by number of rooms. On November 21, 1980, the
MGM Grand suffered the worst resort fire in the
history of Las Vegas, killing 87 people as a result
of electrical problems. It reopened eight months
later. In 1986, Kerkorian sold the MGM Grand to
Bally Manufacturing, and it was renamed Bally's.
Wet 'n Wild water park opened in 1985 and was
located on the south side of the Sahara hotel.
The park closed at the end of the 2004 season
and was later demolished.
opening of The Mirage in 1989 set a new level
to the Las Vegas experience, as smaller hotels
and casinos made way for the larger mega-resorts.
These huge facilities offer entertainment and
dining options, as well as gambling and lodging.
This change impacted the smaller, well-known and
now historic hotels and casinos, like The Dunes,
The Sands and the Stardust.
1995, following the death of Dean
Martin, the lights along the strip were dimmed
in a sign of respect to him. In 2005, Clark County
renamed a section of Industrial Road (south of
Twain Avenue) as Dean Martin Drive, also as a
tribute to the famous Rat Pack singer, actor,
and frequent Las Vegas entertainer.
an effort to attract families, resorts offered
more attractions geared toward youth, but had
limited success. The (current) MGM Grand opened
in 1993 with Grand Adventures amusement park,
but the park closed in 2000 due to lack of interest.
Similarly, in 2003 Treasure Island closed its
own video arcade and abandoned the previous pirate
theme, adopting the new ti name.
Las Vegas hotels and casinos suffered heavily
from the Strip's boom. They have funneled money
into remodeling the facades of casinos, adding
additional security and new attractions, like
the Fremont Street Experience and Neonopolis (complete
with movie theaters).
addition to the large hotels, casinos and resorts,
The Strip is home to a few smaller casinos, motels
and other attractions, such as M&M World,
Adventuredome and the Fashion Show Mall. Starting
in the mid-1990s, The Strip became a popular New
Year's Eve celebration destination.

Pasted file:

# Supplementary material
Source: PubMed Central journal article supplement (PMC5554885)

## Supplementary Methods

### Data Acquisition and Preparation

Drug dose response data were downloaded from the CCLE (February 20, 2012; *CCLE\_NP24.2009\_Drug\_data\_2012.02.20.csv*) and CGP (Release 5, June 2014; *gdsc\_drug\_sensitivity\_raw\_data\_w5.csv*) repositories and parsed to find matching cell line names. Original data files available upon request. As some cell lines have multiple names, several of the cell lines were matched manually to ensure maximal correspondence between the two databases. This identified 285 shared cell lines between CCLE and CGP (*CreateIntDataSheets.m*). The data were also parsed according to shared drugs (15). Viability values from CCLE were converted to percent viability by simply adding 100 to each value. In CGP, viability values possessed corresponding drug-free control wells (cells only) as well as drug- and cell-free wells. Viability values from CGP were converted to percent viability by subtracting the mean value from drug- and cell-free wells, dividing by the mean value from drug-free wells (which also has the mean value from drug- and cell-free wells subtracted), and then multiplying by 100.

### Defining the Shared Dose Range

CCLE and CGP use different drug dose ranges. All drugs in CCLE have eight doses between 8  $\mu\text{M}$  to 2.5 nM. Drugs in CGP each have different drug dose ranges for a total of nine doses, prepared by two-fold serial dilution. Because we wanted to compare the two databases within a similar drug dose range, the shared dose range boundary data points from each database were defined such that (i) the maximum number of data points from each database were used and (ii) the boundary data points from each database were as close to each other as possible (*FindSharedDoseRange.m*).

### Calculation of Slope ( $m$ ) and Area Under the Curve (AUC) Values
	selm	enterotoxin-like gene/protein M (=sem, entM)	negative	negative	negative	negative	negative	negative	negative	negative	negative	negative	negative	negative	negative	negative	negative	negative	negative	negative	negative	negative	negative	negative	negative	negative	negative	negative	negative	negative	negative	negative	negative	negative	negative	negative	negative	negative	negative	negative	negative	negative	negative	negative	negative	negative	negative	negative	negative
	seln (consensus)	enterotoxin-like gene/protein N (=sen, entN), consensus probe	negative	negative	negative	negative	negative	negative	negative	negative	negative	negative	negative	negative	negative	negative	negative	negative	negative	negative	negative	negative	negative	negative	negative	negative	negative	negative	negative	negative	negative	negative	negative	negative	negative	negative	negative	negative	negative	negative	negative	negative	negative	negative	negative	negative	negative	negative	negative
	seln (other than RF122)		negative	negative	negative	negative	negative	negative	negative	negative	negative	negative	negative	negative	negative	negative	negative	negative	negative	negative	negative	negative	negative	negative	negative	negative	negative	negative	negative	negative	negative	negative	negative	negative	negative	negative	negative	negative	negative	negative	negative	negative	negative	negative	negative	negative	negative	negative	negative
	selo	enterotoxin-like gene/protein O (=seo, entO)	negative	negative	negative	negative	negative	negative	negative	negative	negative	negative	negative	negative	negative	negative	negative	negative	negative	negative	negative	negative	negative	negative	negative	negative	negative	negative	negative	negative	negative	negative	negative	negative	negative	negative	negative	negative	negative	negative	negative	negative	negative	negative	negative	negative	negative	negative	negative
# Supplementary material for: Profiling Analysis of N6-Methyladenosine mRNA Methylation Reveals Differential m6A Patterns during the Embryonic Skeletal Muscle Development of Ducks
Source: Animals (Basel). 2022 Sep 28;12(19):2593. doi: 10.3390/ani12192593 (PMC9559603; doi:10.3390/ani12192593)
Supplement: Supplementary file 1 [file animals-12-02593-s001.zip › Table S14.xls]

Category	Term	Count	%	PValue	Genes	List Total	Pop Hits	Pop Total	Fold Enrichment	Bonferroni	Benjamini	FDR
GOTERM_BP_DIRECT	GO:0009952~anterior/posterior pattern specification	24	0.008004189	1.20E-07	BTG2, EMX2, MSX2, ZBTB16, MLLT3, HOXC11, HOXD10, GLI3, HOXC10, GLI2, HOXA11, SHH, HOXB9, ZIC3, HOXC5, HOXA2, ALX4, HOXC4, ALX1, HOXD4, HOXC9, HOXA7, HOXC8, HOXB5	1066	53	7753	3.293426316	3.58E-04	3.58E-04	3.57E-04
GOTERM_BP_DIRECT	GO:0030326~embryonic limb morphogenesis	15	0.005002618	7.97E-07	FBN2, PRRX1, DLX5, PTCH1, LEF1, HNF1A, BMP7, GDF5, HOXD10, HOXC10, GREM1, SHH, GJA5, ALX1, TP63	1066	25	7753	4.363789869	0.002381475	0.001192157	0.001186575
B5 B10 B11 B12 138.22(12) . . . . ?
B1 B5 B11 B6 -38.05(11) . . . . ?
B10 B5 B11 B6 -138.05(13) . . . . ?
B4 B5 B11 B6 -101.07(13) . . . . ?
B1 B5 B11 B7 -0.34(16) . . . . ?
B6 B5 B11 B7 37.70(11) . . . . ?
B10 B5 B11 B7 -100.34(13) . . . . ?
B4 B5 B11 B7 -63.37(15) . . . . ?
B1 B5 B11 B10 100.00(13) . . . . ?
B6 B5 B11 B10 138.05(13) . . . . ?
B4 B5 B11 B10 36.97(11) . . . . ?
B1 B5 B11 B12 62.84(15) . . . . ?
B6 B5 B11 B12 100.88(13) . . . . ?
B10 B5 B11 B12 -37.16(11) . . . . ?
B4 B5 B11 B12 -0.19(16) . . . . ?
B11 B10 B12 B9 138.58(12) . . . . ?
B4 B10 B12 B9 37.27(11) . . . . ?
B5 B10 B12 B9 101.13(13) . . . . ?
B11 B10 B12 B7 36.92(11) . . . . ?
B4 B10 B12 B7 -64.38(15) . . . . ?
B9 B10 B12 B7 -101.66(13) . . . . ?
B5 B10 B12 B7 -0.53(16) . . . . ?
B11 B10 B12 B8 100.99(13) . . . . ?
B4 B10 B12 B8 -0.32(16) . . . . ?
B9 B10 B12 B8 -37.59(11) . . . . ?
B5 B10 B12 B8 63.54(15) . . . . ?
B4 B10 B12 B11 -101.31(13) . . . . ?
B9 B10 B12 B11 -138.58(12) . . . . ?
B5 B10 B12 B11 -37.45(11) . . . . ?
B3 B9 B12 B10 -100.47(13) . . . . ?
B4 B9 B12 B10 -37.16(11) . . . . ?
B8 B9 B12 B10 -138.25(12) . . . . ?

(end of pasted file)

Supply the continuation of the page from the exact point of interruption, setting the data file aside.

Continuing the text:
2004, MGM Mirage announced plans for Project CityCenter,
a 66-acre (600,000 m²), $7 billion multi-use
project on the site of the Boardwalk hotel and
adjoining land. It will consist of hotel, casino,
condo, retail and other uses on the site. When
completed, City Center will be the largest such
complex in the world. Construction began in April
2006, and the first elements of this project are
expected to be available in 2009.
2006, the Las Vegas Strip lost its longtime status
as the world's highest- rossing gambling center,
falling to second place behind Macau.
not on The Strip itself, the Las Vegas Monorail
runs on the east side of The Strip from Tropicana
Avenue to Sahara Road.
Bus provides service on the strip with double
decker buses known as The Deuce. The Deuce stops
at most major resorts and continues north to downtown
and the Fremont Street Experience. A current list
of fares is available.
tourist trolley service travels up and down The
Strip and stops at various, but not all, Strip
hotels, along with a stop at the Fashion Show
Mall. The fare is $2.00 for a one way ride, regardless
how far you travel down the strip. Alternatively,
a 24-hour pass is $5, and exact change is required.
Trolleys are scheduled to arrive every 15 minutes.
small, free cable-pulled trams operate on the
Strip. One runs between Treasure Island and The
Mirage, while the other provides service to Mandalay
Bay, Luxor, and Excalibur.
can only stop at hotel entrances or designated
spots, so when planning to get somewhere ask which
is the closest hotel.
CAT Bus came on in 1992, mass transit on the Strip
was provided by a private transit company, Las
Vegas Transit. The Strip route was their only
profitable route and supported the whole bus system.
Vegas Strip Hotels
· Caesars Palace · Circus Circus
· Excalibur · Luxor · Mandalay
Bay · THEhotel at Mandalay Bay ·
Mirage · Monte Carlo · New York-New
York · Slots-A-Fun · Stratosphere
· Treasure Island
CityCenter (2009) · Cosmopolitan (2009)
· Echelon Place (2010) · Plaza Hotel
East side Bally's · Bill's · Casino
Royale · Flamingo · Harrah's ·
Imperial Palace · MGM Grand · O'Sheas
· Palazzo · Paris · Planet
Hollywood · Riviera · Sahara ·
Tropicana · Venetian · Wynn
Encore (2009) · Fontainebleau (2009) (Credit:
Travel and Tourism